When Barry Hearn took the hotseat at World Snooker, it was hoped he could transform the game and introduce the razzmatazz that had seen darts become a fans favourite.
While significant progress has been made in terms of increasing tournaments for players – despite the occasional moan about the hectic schedule – sponsorship and TV deals, there hasn’t been much change when it comes to trying to attract a new audience to the sport.
This week, the Masters takes place at Alexandra Palace, managed by Hearn, just a fortnight after the PDC World Darts Championships had taken place.
World number two Judd Trump says he’s keen to see some changes made to snooker.
He said: “The atmosphere and the crowds were really good. It was a bit rowdy for me but I think they need to certainly liven it up, especially between frames.
“The crowd should be allowed to chant perhaps, or get some music playing.”
It’s true that snooker needs to look at alternative ways of attracting fans, but it’s difficult to see how anything like the darts atmosphere being replicated.
At times, the darts almost seems like a secondary purpose for the fans being there, and the quick nature of legs in darts makes it a lot easier to adapt to that environment, in which many players will be familiar from their amateur days.
But the hush of a snooker hall is something that’s been with players since a young age, and even the most casual recreational player will find distractions irritating at certain times when playing in a local club.
That’s the view taken by John Higgins anyway.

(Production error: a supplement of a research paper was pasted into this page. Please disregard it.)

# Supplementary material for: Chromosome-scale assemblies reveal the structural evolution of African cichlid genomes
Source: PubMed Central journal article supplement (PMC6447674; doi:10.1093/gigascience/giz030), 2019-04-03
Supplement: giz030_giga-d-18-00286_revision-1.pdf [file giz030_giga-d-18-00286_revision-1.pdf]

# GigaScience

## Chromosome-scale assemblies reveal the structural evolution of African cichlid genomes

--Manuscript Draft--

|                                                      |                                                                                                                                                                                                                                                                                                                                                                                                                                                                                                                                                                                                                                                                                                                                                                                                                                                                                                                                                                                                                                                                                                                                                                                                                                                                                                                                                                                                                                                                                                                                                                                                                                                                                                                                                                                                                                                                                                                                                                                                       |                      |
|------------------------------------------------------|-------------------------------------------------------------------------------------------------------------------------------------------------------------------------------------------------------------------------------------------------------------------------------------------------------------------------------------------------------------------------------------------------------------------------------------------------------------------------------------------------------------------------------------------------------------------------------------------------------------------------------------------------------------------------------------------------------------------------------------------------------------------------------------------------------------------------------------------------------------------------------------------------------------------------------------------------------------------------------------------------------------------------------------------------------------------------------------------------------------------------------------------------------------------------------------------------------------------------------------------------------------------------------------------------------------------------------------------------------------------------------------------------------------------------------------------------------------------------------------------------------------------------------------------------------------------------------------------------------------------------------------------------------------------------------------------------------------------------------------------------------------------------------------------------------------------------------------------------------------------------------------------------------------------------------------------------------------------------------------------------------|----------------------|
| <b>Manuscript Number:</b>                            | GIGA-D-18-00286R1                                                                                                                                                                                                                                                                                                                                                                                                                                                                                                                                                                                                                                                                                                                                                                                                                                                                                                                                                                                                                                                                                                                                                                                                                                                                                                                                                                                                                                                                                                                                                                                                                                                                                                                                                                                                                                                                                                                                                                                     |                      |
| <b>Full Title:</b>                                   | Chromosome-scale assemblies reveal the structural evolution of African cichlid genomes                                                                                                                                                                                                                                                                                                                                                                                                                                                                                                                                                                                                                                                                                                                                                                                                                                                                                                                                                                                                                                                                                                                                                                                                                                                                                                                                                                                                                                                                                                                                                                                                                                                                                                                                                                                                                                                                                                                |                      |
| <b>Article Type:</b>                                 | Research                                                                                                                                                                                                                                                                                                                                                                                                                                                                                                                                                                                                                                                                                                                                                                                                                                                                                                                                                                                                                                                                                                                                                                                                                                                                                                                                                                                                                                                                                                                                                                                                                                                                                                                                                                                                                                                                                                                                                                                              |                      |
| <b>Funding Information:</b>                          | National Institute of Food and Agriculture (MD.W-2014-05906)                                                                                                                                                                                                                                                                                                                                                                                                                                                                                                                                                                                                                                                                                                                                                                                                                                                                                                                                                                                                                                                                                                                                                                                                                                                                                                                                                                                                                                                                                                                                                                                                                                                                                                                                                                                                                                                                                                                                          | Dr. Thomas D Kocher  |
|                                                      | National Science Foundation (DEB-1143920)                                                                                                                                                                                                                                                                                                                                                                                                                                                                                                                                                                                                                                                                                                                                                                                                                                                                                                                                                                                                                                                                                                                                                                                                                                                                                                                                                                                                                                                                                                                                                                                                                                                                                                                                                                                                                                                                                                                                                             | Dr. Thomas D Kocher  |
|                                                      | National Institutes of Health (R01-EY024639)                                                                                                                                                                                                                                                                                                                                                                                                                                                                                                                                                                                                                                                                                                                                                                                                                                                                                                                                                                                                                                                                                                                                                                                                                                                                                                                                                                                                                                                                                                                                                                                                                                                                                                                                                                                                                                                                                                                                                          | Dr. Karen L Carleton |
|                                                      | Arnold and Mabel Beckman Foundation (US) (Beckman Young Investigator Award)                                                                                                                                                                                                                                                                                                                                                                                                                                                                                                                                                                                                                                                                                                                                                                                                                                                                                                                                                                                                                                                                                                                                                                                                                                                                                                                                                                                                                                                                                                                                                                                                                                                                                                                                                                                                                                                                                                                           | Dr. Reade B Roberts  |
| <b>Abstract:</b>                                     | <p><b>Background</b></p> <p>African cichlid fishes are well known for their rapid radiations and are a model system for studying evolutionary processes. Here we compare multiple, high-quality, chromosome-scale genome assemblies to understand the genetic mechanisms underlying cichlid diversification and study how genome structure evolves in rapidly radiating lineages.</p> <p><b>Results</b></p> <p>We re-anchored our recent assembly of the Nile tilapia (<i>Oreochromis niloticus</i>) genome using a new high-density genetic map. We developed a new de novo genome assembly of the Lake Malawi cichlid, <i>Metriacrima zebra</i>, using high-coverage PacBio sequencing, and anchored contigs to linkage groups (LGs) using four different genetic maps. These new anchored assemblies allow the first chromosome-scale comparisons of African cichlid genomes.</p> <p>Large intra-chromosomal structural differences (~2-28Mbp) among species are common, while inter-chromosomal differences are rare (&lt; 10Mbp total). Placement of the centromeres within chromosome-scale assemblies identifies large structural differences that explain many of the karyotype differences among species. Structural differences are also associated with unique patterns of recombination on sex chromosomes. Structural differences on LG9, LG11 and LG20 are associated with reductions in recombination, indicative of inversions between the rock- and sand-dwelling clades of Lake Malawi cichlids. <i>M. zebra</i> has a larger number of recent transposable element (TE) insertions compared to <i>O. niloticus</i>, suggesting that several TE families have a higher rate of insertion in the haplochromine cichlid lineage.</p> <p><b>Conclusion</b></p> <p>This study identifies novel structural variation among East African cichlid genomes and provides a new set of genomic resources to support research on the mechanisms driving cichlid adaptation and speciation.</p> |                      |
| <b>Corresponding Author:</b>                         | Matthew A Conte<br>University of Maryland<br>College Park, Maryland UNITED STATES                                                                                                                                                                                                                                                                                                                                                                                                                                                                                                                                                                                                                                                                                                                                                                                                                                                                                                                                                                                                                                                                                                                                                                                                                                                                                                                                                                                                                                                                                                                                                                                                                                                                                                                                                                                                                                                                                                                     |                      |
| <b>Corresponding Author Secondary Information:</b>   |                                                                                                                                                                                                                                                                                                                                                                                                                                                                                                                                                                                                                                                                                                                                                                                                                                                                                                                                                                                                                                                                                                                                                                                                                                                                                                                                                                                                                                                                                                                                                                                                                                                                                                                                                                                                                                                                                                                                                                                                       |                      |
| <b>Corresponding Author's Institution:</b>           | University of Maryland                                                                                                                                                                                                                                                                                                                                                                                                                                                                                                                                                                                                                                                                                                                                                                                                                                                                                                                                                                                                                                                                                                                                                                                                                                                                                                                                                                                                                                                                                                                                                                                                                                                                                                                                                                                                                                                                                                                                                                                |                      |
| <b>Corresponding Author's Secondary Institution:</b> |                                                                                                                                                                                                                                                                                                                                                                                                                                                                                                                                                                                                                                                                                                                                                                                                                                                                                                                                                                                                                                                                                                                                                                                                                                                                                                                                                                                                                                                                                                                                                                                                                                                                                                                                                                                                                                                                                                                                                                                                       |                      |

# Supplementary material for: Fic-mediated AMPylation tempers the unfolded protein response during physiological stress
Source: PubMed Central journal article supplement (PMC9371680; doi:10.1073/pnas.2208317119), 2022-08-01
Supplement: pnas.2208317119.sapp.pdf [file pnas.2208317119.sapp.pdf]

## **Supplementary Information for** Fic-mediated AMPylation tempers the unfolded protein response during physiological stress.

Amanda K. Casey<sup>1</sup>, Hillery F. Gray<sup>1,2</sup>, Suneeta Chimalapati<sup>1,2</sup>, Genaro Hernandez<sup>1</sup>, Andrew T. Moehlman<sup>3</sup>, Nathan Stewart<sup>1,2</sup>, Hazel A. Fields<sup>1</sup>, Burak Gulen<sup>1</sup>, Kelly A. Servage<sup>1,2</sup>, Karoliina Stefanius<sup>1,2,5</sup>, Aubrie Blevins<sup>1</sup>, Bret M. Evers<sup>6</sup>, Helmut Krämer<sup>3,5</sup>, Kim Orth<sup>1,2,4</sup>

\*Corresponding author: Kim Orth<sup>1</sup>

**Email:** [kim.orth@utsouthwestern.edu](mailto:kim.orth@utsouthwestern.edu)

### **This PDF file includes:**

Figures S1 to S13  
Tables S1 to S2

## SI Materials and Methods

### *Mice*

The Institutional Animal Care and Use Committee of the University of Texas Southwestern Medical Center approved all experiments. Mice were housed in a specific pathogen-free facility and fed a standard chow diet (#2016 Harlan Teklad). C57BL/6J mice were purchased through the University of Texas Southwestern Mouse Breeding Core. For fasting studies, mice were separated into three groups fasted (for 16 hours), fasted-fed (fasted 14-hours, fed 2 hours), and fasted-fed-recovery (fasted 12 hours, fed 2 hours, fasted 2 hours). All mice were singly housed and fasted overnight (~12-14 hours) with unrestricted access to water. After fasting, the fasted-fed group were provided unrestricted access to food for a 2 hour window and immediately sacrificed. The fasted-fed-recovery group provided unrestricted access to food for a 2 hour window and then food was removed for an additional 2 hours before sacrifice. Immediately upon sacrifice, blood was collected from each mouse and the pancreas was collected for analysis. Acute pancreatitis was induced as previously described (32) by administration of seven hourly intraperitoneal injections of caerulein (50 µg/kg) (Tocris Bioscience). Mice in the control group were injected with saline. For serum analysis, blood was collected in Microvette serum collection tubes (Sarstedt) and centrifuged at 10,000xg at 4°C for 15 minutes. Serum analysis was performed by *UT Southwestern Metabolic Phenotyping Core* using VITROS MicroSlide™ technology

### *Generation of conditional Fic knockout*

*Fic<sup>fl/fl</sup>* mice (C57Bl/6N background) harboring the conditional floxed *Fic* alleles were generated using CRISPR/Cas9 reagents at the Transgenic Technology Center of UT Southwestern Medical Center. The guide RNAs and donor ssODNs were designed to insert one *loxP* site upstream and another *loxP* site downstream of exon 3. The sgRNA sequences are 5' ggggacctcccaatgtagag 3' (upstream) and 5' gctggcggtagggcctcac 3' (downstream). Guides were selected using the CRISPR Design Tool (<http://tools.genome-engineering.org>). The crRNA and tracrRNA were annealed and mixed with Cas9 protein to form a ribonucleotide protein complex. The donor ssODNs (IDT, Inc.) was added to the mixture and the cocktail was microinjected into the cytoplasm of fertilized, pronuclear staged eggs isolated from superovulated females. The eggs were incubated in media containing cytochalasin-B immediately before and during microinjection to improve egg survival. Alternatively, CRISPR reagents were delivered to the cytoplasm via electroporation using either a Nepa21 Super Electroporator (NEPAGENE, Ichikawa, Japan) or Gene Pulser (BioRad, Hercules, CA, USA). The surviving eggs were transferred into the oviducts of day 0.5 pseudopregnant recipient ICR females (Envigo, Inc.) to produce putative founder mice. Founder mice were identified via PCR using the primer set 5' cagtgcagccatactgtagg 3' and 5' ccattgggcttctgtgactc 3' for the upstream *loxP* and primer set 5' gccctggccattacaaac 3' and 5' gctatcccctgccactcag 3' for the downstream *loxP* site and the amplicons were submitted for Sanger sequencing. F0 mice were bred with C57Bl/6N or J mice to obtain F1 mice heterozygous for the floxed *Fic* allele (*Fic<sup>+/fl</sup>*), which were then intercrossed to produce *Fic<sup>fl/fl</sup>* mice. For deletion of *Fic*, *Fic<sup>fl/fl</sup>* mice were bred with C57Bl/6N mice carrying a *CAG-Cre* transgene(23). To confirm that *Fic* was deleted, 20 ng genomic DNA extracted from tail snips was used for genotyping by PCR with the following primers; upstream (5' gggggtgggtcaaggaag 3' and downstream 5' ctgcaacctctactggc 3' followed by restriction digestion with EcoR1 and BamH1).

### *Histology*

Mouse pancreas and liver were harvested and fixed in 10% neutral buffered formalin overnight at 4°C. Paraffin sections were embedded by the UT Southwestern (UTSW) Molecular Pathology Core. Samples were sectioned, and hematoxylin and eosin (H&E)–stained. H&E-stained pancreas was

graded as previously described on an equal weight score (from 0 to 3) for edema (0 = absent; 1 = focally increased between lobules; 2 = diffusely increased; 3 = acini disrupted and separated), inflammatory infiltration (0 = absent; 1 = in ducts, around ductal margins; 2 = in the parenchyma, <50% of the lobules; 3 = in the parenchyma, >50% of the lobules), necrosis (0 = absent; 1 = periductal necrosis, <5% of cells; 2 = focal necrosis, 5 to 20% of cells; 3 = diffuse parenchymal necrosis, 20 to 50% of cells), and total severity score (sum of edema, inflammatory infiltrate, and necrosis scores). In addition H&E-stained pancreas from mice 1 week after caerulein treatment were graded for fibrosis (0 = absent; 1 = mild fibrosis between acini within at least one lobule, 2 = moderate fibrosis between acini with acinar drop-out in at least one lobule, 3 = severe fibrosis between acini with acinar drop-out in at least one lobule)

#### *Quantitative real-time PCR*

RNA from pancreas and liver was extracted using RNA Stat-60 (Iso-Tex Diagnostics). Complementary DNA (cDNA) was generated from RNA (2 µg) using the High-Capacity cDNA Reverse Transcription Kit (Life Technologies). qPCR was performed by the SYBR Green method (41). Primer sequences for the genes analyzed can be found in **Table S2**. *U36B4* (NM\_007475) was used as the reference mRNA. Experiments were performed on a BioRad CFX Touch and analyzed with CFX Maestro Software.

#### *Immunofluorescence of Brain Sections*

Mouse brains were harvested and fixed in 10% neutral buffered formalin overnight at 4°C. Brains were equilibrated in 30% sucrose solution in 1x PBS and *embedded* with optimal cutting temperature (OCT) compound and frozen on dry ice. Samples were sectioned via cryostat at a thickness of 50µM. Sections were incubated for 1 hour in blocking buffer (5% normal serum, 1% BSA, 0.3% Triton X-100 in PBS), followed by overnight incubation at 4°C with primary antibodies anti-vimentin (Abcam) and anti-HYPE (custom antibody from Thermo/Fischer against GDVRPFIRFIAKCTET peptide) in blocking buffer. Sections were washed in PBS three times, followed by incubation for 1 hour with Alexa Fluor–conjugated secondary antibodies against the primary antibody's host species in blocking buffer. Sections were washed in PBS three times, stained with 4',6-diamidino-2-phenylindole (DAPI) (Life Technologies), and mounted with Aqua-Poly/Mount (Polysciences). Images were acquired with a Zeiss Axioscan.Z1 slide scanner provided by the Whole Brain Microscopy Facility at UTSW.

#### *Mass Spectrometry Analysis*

He said: “I think it’s pretty hard to bring the darts razzmatazz to snooker.
“At the darts there is maybe only a small percentage that are there to really watch the darts, and the rest of them are there to enjoy themselves.”
With lengthy frames and matches, it’s difficult to imagine the “darts-type crowd” having the patience to avoid disruption over say a 30 minute frame, or even more so, a lengthy even nine frame match. The break between frames isn’t necessarily long enough to ensure “enjoyment” could be hard simply from those periods.
A few gimmicks have been tried – Power Snooker and the Snooker shoot-out – but neither of them will draw away from the traditional game, neither have they proved popular enough, yet at least, to become a viable, regular alternative, not in the shape of, say, Twenty20 cricket.
So while the razzmatazz of the darts, and the resulting fan interest, is wanted in snooker, it’s hard to see where it could reasonably fit in.
What are your ideas to liven up snooker and attract a new audience?